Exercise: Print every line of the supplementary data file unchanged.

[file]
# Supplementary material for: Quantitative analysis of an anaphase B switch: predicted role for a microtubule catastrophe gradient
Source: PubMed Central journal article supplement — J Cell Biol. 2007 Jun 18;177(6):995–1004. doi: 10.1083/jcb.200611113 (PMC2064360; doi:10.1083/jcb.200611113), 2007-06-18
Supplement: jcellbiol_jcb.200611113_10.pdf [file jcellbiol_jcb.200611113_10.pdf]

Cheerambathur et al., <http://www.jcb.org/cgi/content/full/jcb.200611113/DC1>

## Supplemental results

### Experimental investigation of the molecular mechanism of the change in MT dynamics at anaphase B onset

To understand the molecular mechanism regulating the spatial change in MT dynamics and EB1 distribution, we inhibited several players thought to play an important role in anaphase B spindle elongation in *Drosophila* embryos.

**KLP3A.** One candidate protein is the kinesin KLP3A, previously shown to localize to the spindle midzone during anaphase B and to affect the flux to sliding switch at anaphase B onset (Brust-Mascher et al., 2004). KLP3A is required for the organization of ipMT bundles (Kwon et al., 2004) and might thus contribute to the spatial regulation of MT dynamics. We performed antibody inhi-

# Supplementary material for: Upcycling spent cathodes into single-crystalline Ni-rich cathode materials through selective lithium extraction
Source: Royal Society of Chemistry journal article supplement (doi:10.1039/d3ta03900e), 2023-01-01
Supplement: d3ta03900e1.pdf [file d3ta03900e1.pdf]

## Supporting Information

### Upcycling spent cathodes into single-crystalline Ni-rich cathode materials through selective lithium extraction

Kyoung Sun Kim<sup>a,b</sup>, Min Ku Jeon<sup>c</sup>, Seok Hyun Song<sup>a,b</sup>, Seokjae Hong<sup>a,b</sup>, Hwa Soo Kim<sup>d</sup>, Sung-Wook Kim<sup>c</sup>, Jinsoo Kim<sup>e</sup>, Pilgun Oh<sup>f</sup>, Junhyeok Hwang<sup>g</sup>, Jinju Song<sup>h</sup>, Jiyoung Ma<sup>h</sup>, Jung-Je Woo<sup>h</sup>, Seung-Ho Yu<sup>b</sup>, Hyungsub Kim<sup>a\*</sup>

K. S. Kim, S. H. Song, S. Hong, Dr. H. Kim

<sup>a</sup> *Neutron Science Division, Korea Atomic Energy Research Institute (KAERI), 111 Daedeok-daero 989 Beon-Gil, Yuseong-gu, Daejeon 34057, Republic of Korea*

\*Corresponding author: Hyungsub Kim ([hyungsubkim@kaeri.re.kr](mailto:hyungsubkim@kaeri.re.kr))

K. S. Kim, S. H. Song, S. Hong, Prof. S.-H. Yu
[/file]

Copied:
# Supplementary material for: Quantitative analysis of an anaphase B switch: predicted role for a microtubule catastrophe gradient
Source: PubMed Central journal article supplement — J Cell Biol. 2007 Jun 18;177(6):995–1004. doi: 10.1083/jcb.200611113 (PMC2064360; doi:10.1083/jcb.200611113), 2007-06-18
Supplement: jcellbiol_jcb.200611113_10.pdf [file jcellbiol_jcb.200611113_10.pdf]

Cheerambathur et al., <http://www.jcb.org/cgi/content/full/jcb.200611113/DC1>

## Supplemental results

### Experimental investigation of the molecular mechanism of the change in MT dynamics at anaphase B onset

To understand the molecular mechanism regulating the spatial change in MT dynamics and EB1 distribution, we inhibited several players thought to play an important role in anaphase B spindle elongation in *Drosophila* embryos.

**KLP3A.** One candidate protein is the kinesin KLP3A, previously shown to localize to the spindle midzone during anaphase B and to affect the flux to sliding switch at anaphase B onset (Brust-Mascher et al., 2004). KLP3A is required for the organization of ipMT bundles (Kwon et al., 2004) and might thus contribute to the spatial regulation of MT dynamics. We performed antibody inhi-

# Supplementary material for: Upcycling spent cathodes into single-crystalline Ni-rich cathode materials through selective lithium extraction
Source: Royal Society of Chemistry journal article supplement (doi:10.1039/d3ta03900e), 2023-01-01
Supplement: d3ta03900e1.pdf [file d3ta03900e1.pdf]

## Supporting Information

### Upcycling spent cathodes into single-crystalline Ni-rich cathode materials through selective lithium extraction

Kyoung Sun Kim<sup>a,b</sup>, Min Ku Jeon<sup>c</sup>, Seok Hyun Song<sup>a,b</sup>, Seokjae Hong<sup>a,b</sup>, Hwa Soo Kim<sup>d</sup>, Sung-Wook Kim<sup>c</sup>, Jinsoo Kim<sup>e</sup>, Pilgun Oh<sup>f</sup>, Junhyeok Hwang<sup>g</sup>, Jinju Song<sup>h</sup>, Jiyoung Ma<sup>h</sup>, Jung-Je Woo<sup>h</sup>, Seung-Ho Yu<sup>b</sup>, Hyungsub Kim<sup>a\*</sup>

K. S. Kim, S. H. Song, S. Hong, Dr. H. Kim

<sup>a</sup> *Neutron Science Division, Korea Atomic Energy Research Institute (KAERI), 111 Daedeok-daero 989 Beon-Gil, Yuseong-gu, Daejeon 34057, Republic of Korea*

\*Corresponding author: Hyungsub Kim ([hyungsubkim@kaeri.re.kr](mailto:hyungsubkim@kaeri.re.kr))

K. S. Kim, S. H. Song, S. Hong, Prof. S.-H. Yu